♦ ♦ ♦

I was still belted into the wheelchair, on the bus, as Mitch slowly but eventually completed his pre-trip inspection. When he stepped aboard, Vivian asked which of us wanted to drive first.

I was angry — about the surprise final exam, about Vivian's anti-pep talk, about her mistaking me for Mitch, and about her wheelchair mega-pickiness — and I didn't want to drive a bus angry, so I said, "Mitch can go first."

He was angry too, and I knew it, so that was me throwing Mitch under the bus. Sorry, man.

♦ ♦ ♦

So Mitch drove first, and did quite poorly — driving too fast, braking too hard, drifting in his lane, getting every railroad crossing wrong, and even curbing the bus for his fourth time.

He added something new to his mix, too. When the road twisted a bit and the early morning sun hit him square in the eyeballs, he took both his hands off the steering wheel at 30 miles per hour, to adjust his sun visor. Vivian wasn't even watching at that moment, but I barked out from the back, "Mitch! Hands on the wheel!"

Vivian looked toward the front, but by then Mitch was again steering with both hands, so she asked him what he'd done.

He said, "Nothing, I think Doug's messing with us."

I said, "Yeah, it was just a reminder. Always keep both hands on the wheel, and also, remember to use your turn signals, and put the headlights on at dusk."

"Actually, Mitch," said Vivian, "we drive with the headlights always on."

"I'm still not Mitch," I said. "I'm Doug."

My apologies to Mitch, though, for almost ratting him out. It wasn't on purpose, but my instinct for self-preservation kicked in. I'm all for camaraderie among us working stiffs, but I don't want to actually be a stiff. 

♦ ♦ ♦

It's been drilled into us that we must never exceed 3-5 mph when making a sharp turn, because it's uncomfortable for the passengers, and might even topple someone out of a wheelchair.

Apparently there's a little-known subsection to that rule, though, making it OK to gun it around a corner if you've been waiting a long time for an opening in traffic. That's what Vivian did when she was driving the bus, after backing us out of a tight corner Mitch had maneuvered us into.

♦ ♦ ♦

By the time it was my turn to drive, I'd calmed down, and drove pretty good. Not as good as yesterday and the day before, though. I made some errors of judgment, in both driving, and dealing with Vivian.

She had me drive through the Highway-99 tunnel, and as we emerged in South Lake Union, traffic slowed to a crawl in both lanes. After several minutes at one mile an hour, we saw that a full-size Metro bus had been in an accident, and the outside lane was blocked by wreckage of a car.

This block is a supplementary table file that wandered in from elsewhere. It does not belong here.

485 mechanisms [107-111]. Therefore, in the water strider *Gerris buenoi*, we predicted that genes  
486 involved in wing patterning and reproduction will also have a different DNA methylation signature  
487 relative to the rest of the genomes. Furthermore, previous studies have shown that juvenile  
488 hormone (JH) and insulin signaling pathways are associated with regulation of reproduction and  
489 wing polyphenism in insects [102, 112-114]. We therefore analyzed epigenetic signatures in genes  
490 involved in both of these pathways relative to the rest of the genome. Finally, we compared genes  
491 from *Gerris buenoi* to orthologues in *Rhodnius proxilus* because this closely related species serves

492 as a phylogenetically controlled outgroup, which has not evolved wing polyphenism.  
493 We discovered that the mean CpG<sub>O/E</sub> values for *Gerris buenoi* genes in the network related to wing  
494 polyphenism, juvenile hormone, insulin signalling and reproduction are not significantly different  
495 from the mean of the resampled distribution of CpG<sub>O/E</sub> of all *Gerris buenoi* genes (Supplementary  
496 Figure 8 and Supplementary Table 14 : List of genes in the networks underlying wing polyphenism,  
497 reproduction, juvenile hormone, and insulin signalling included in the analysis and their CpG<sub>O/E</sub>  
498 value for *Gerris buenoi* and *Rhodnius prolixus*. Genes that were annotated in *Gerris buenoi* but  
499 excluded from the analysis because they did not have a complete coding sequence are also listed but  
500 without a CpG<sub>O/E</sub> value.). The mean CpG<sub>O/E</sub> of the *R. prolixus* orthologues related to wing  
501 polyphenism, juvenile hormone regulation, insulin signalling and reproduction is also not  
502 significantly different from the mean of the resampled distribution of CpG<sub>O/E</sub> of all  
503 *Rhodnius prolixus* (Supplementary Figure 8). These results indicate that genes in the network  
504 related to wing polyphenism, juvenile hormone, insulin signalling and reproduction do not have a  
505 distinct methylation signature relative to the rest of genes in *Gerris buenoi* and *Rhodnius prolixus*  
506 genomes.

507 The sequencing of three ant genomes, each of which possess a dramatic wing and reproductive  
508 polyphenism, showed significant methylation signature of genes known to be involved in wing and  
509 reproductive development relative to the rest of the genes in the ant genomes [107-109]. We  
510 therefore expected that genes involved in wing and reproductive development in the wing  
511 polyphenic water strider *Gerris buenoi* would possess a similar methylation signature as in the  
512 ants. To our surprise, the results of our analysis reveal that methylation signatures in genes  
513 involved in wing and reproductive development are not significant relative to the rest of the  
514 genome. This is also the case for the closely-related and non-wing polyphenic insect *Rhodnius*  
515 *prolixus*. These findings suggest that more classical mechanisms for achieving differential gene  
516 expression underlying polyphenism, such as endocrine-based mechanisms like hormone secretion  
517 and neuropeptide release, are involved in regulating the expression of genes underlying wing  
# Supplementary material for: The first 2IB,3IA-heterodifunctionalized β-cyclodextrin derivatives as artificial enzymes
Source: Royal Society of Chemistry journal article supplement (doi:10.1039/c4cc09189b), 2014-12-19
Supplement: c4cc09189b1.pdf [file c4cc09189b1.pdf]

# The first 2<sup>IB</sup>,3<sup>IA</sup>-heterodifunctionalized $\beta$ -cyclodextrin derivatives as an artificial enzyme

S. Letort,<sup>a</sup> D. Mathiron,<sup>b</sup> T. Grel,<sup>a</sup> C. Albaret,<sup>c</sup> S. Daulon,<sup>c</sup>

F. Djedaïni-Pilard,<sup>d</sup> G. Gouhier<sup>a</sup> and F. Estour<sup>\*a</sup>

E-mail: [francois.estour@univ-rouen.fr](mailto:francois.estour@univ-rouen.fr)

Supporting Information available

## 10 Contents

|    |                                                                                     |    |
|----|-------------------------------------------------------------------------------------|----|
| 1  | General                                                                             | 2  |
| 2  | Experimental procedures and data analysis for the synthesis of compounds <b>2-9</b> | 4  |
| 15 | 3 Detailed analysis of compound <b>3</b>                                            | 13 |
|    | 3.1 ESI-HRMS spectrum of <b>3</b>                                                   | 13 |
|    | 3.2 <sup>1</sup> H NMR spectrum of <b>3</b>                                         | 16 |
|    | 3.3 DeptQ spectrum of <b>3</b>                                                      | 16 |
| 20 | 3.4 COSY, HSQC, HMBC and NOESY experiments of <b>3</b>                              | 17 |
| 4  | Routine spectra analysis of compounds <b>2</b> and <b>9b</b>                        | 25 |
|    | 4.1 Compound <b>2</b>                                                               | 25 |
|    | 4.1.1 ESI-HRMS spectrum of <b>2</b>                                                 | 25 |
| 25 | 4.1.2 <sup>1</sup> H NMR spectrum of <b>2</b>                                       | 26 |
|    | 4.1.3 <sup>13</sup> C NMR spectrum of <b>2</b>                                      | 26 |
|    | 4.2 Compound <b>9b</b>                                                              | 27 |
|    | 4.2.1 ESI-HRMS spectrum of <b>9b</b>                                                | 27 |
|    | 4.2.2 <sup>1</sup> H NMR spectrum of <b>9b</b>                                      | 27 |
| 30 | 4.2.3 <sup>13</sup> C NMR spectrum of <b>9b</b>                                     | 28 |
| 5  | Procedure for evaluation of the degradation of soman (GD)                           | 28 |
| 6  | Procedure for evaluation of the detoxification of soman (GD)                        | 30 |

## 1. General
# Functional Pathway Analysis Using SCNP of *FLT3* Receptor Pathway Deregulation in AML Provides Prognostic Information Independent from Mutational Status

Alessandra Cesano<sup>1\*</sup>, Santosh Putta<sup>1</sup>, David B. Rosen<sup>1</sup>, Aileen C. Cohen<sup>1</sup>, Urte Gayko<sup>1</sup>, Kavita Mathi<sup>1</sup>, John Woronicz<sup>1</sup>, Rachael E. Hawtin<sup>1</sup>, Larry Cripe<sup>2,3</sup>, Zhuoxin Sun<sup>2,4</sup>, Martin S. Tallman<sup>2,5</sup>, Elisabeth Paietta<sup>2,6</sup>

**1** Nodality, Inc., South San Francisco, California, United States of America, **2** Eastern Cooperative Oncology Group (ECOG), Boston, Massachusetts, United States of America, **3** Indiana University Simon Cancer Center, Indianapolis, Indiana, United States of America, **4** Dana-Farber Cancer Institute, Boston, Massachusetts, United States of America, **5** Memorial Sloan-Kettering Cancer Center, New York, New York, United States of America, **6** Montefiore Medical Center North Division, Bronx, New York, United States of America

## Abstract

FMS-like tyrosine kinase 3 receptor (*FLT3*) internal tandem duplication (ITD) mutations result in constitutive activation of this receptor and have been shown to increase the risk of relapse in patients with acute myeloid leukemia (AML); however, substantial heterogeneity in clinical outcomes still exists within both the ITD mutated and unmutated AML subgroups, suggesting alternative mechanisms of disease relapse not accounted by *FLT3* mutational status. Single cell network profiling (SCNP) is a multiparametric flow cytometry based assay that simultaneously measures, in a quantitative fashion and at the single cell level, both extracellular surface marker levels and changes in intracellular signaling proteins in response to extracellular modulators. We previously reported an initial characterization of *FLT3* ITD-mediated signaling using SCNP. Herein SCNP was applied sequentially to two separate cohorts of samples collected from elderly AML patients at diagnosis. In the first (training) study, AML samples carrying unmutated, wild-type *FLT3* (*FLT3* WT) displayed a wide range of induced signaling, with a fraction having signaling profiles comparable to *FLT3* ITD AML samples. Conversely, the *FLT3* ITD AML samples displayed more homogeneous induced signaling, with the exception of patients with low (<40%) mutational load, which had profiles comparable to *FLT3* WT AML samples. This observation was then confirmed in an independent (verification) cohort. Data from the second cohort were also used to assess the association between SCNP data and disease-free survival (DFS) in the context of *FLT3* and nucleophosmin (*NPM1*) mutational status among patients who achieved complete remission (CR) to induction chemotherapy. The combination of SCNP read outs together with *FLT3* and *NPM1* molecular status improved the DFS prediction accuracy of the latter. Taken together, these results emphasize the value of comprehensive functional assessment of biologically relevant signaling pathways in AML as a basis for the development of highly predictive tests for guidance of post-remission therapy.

Vivian told me to move the bus into the inside lane and continue  northbound, but from her vantage point behind me, she couldn't see that the path from one lane to the other was cluttered with debris — a car bumper, a hub cap, a hundred nuts and bolts and flanges, and two metal parts, sharp end up, that could've sliced our tires.

I should've done what she said, driven through the debris and into the other lane. Any damages to the bus would've been on Vivian the teacher, not on me the rookie, right? I'm trying to drive safe, though, not stupid, so instead I turned the bus right, off the highway, and onto a small street that wound its way down a hill.

"What are you doing?" she shouted. "When I tell you to do something, DO IT!" Clearly, Vivian was annoyed with me, but I was annoyed with her, too.

Her driving instructions usually come late, and she often confuses left and right.

She makes jokes that aren't funny, and laughs at them.

She quizzes us on rules I swear have never been mentioned to us.

She talks and talks and talks, and not much of her talking has anything to do with driving a bus.

And she talks very loudly, so the sound of her voice reverberates off the glass and metal and plexiglass interior of the bus and into the interior of your cranium, all damned day. She is a headache wearing a safety vest.

And as we roll along city streets, she's only sorta watching us drive, looking out the windshield once in a while. I don't even know how she didn't see the bumper and hub cap in the road.

♦ ♦ ♦

Later, she decided she wanted Taco Time for lunch. I was driving south on Lake City Way, and Vivian told me to turn right, across traffic, into the Taco Time parking lot.

Two problems. though:

-1- There was a suicide lane to turn into the restaurant, but I wasn't in that lane, and at 30 mph it would've been a sudden and unsafe move to switch lanes, brake, and turn.  

-2- We were in a road-work zone, with safety cones arrayed across the parking lot's entrance, and I couldn't quickly assess whether cutting through the safety cones was safe.

I explained this to Vivian, and continued driving south.

"When I tell you to do something, DO IT!" she shouted again.

Next, she told me to turn the bus onto a small side street, and from there turn onto an even smaller side street. Her intent was to loop us around the block, taking us back to Taco Time, but a FedEx truck was blocking about 2/3 of the tiny one-lane roadway, and some residential trash cans were on the other side of the street. To get the bus through, I'd need to either wait for the FedEx truck to move (the driver wasn't in it), or get out of the bus and push the trash cans back to the sidewalk.